Legal dispute around Milady NFTs accelerates with Delaware countersuit
A convoluted online fight — between people claiming to be the founders of NFT collection Milady’s parent company — has accelerated into a court battle with millions of dollars at stake
Lightspring/Shutterstock modified by Blockworks
A growing dispute over the Milady Maker NFT collection’s leadership has evolved from online drama to a courtroom battle.
Four people affiliated with the Remilia Corporation — John Duff, Henry Smith, Maxwell Roux and Bruno Nispel — have accused Krishna Okhandiar of the misappropriation of millions of dollars and an attempt to take sole control of the company, which oversees the NFT collection.
The lawsuit, filed Sept. 22, comes in the wake of a separate lawsuit filed by Okhandiar earlier this month. Combined, the group have all claimed to either be founders or co-founders of the project.
The popular Milady NFTs hit the market in August 2021. On OpenSea, the collection has a total volume of 82,902 ETH (over $131 million at the time of writing) and boasts a current floor price of 2.27 ETH (nearly $3,600).
Disputes on multiple different levels between individuals at Remilia, previously thought to be a DAO, have been brewing since Okhandiar, also known as Charlotte Fang, was revealed in a May 2022 document release to be behind the inflammatory online persona “Miya.”
At the time, Okhandiar said he’d be taking a break from Remilia, despite saying that “Miya” had nothing to do with the Milady project. He said he handed control to Henry Smith and Bruno Nispel, two of the individuals behind the new lawsuit.
Acrimony between the five individuals most closely associated with Milady and Remilia reignited once more when Okhandiar claimed that an unknown developer seized control of Milady and Remilia social media accounts as well as $1 million worth of generated fees. These allegations were contained in a lawsuit filed by Okhandiar on Sept. 10.
In their countersuit, the plaintiffs claimed that Okhandiar essentially forced them out of the Remilia Corporation (RemCo), the company behind Milady NFTs. That, despite their claimed activities as NFT artists who say they introduced Okhandiar to the world of non-fungible tokens in 2021.
The Friday court filing alleged that all five members were to be considered co-founders and have equity in the company, but they claimed that the supposed plan never materialized.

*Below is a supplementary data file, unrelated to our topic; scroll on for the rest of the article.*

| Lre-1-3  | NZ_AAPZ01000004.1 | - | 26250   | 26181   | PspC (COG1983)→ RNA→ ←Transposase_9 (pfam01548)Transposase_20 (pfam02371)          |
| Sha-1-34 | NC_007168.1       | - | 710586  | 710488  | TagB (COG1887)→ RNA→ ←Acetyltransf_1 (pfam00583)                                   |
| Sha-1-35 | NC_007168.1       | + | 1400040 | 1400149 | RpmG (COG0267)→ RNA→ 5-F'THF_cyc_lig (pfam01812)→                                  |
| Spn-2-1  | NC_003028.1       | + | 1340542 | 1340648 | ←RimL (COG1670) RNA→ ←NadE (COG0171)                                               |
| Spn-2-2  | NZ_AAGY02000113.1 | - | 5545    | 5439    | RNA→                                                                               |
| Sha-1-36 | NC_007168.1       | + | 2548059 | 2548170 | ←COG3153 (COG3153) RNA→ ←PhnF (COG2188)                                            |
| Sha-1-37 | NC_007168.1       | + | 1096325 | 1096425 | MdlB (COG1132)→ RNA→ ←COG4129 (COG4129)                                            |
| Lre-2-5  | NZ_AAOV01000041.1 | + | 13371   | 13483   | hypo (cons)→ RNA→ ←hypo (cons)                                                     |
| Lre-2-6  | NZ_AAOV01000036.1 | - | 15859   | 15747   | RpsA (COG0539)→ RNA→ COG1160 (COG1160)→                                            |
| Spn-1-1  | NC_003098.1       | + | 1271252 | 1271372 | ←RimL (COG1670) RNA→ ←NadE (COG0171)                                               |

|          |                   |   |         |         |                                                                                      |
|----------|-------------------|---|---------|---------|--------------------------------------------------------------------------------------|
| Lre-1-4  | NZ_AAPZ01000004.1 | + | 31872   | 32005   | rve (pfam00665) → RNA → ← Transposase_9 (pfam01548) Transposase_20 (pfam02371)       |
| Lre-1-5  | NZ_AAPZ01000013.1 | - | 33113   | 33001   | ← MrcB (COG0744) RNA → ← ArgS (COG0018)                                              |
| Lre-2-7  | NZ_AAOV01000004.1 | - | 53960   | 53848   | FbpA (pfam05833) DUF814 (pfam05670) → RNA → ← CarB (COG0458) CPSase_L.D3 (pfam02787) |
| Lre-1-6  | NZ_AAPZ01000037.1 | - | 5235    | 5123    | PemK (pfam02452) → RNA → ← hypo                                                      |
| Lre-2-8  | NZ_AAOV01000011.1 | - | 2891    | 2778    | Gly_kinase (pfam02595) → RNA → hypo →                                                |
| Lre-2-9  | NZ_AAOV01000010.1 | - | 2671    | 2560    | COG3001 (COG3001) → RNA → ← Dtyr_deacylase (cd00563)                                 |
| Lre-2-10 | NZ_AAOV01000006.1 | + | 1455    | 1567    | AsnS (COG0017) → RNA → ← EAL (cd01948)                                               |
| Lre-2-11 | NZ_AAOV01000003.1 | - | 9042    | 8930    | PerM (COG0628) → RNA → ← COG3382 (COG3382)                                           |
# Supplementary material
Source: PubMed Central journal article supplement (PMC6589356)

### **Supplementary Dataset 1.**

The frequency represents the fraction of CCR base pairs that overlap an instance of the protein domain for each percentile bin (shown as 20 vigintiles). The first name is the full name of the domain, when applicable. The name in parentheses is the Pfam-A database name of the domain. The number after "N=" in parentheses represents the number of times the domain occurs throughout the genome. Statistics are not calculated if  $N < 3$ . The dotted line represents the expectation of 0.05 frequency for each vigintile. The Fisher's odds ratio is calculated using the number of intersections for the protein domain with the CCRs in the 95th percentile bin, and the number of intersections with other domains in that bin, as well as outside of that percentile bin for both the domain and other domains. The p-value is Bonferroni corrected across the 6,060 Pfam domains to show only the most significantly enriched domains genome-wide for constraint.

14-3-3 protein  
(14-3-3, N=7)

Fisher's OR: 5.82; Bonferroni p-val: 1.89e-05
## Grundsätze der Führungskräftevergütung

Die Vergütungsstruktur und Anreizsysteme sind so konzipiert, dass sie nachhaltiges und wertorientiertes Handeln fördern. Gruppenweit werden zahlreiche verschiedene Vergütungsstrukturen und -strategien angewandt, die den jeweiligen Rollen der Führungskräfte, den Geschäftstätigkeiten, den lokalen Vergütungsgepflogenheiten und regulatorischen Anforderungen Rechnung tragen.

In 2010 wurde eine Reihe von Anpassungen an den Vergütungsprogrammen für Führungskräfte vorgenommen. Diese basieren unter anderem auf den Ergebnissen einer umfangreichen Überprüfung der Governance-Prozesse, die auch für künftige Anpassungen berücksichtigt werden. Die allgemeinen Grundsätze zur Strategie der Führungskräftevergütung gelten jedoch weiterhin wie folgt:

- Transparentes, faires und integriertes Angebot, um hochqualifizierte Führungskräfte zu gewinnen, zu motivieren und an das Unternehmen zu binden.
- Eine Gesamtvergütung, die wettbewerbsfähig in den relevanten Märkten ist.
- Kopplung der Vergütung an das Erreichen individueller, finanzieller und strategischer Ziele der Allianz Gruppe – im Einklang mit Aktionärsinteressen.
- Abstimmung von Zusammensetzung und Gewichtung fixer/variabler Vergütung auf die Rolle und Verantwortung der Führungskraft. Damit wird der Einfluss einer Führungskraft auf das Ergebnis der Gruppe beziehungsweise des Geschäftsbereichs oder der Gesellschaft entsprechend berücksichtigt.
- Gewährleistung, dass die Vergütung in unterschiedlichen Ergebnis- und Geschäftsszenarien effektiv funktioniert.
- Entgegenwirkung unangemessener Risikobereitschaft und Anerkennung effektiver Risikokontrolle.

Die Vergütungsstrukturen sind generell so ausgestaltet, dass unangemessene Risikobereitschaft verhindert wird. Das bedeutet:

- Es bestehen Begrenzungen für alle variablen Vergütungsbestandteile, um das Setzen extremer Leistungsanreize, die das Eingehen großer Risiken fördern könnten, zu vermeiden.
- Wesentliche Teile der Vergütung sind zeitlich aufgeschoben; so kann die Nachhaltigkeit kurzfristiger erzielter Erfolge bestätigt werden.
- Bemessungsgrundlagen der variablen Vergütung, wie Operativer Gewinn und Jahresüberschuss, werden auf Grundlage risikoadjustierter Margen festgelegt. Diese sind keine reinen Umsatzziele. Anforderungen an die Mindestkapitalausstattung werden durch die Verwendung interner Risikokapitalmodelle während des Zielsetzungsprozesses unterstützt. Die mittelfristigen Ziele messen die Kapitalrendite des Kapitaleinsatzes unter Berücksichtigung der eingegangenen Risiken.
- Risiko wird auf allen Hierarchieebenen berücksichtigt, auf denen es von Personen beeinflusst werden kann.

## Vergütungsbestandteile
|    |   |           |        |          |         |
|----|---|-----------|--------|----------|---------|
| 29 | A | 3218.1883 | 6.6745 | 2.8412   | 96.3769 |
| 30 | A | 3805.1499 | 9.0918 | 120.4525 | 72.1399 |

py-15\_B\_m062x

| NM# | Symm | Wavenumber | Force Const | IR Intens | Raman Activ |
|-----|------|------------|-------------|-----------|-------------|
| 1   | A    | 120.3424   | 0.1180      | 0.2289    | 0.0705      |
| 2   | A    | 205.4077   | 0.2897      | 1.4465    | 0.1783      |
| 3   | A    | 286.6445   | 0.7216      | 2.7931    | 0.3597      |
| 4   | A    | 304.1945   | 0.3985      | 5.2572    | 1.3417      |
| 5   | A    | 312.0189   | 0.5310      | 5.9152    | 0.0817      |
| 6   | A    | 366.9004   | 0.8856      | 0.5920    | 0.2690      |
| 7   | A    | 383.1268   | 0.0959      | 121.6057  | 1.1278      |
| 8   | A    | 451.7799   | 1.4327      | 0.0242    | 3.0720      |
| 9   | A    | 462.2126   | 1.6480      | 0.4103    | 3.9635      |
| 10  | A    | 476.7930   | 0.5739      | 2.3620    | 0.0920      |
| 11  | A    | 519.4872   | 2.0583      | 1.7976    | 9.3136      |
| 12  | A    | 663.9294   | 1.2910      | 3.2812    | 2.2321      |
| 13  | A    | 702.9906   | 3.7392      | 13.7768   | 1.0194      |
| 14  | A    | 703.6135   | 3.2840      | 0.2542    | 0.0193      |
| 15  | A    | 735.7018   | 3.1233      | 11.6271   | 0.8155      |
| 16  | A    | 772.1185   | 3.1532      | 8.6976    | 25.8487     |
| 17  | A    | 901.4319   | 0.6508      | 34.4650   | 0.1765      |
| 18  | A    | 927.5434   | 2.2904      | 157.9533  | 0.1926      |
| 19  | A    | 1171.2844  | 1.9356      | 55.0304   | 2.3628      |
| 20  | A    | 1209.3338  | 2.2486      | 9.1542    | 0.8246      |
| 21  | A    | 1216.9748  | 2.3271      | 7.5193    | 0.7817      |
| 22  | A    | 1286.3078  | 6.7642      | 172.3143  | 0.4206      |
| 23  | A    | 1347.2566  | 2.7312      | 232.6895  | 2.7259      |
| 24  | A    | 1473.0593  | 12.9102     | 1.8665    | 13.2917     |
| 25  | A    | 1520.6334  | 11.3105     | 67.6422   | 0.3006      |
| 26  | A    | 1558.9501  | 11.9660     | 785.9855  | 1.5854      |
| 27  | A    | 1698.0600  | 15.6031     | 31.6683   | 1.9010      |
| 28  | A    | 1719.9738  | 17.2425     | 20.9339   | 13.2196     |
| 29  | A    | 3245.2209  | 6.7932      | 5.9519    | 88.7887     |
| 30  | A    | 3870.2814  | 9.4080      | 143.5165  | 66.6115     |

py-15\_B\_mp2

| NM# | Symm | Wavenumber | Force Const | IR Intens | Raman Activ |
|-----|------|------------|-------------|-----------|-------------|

“Okhandiar failed and refused to provide to Plaintiffs a sign [sic] shareholders’ agreement or provide to Plaintiffs any corporate formation documents of any kind, such as an operating agreement or membership roll,” the suit alleged. “Okhandiar failed to issue any equity in either RemCorp or RemIndustries to the Plaintiffs despite his written promises to do so.”
Okhandiar’s suit against Duff, Smith and Roux paints a substantially different picture.
Okhandiar claims that he was the sole founder of Remilia in January 2021 and that he is the only leader of the company. He also claims that Duff, Smith and Roux aren’t employees or equity holders of the company. Rather, they’re independent contractors, the lawsuit states.
Duff, Smith, Roux and also Bruno Nispel instead argue that they’re owed unpaid salaries and bonuses. They claim that money went to Okhandiar.
“Okhandiar, improperly using his control of the Collective Venture’s multi-signature wallet, transferred approximately $600,000 worth of Remilia’s digital assets […] to his personal wallet as arbitrary unilateral ‘bonuses’ to himself,” according to the filing.
Okhandiar is also alleged to have removed the plaintiffs from a multi-signature wallet controlling Remilia’s treasury. The suit claims he drained the wallet of an additional $1.7 million.
Beyond the accusations of theft of funds and a corporate coup, the plaintiffs once again raised up the year-old “Miya” scandal involving Okhandiar and his penchant for engaging in callous, antagonizing behavior on the internet.
The court filing includes an alleged list of Okhandiar’s aliases in online communities, including Charlotte Fang, among others.
Roux, one of the plaintiffs, claims he was called multiple different slurs by Okhandiar in chat messages.
“The working experience is far from pleasant or acceptable. Okhandiar subjects the other Founding Group members and employees to verbal abuse and harassment,” according to the filing. “Despite the abuse, the Founding Group members continued to work on the Collective Venture’s NFT Projects.”
The four people claiming to be Remilia founders have demanded unpaid wages and the creation of a constructive trust containing the assets, funds and intellectual property in the form of the NFTs they made.
Blockworks reached out to attorneys representing Okhandiar and the four other Remilia-affiliated individuals but didn’t receive an immediate response.
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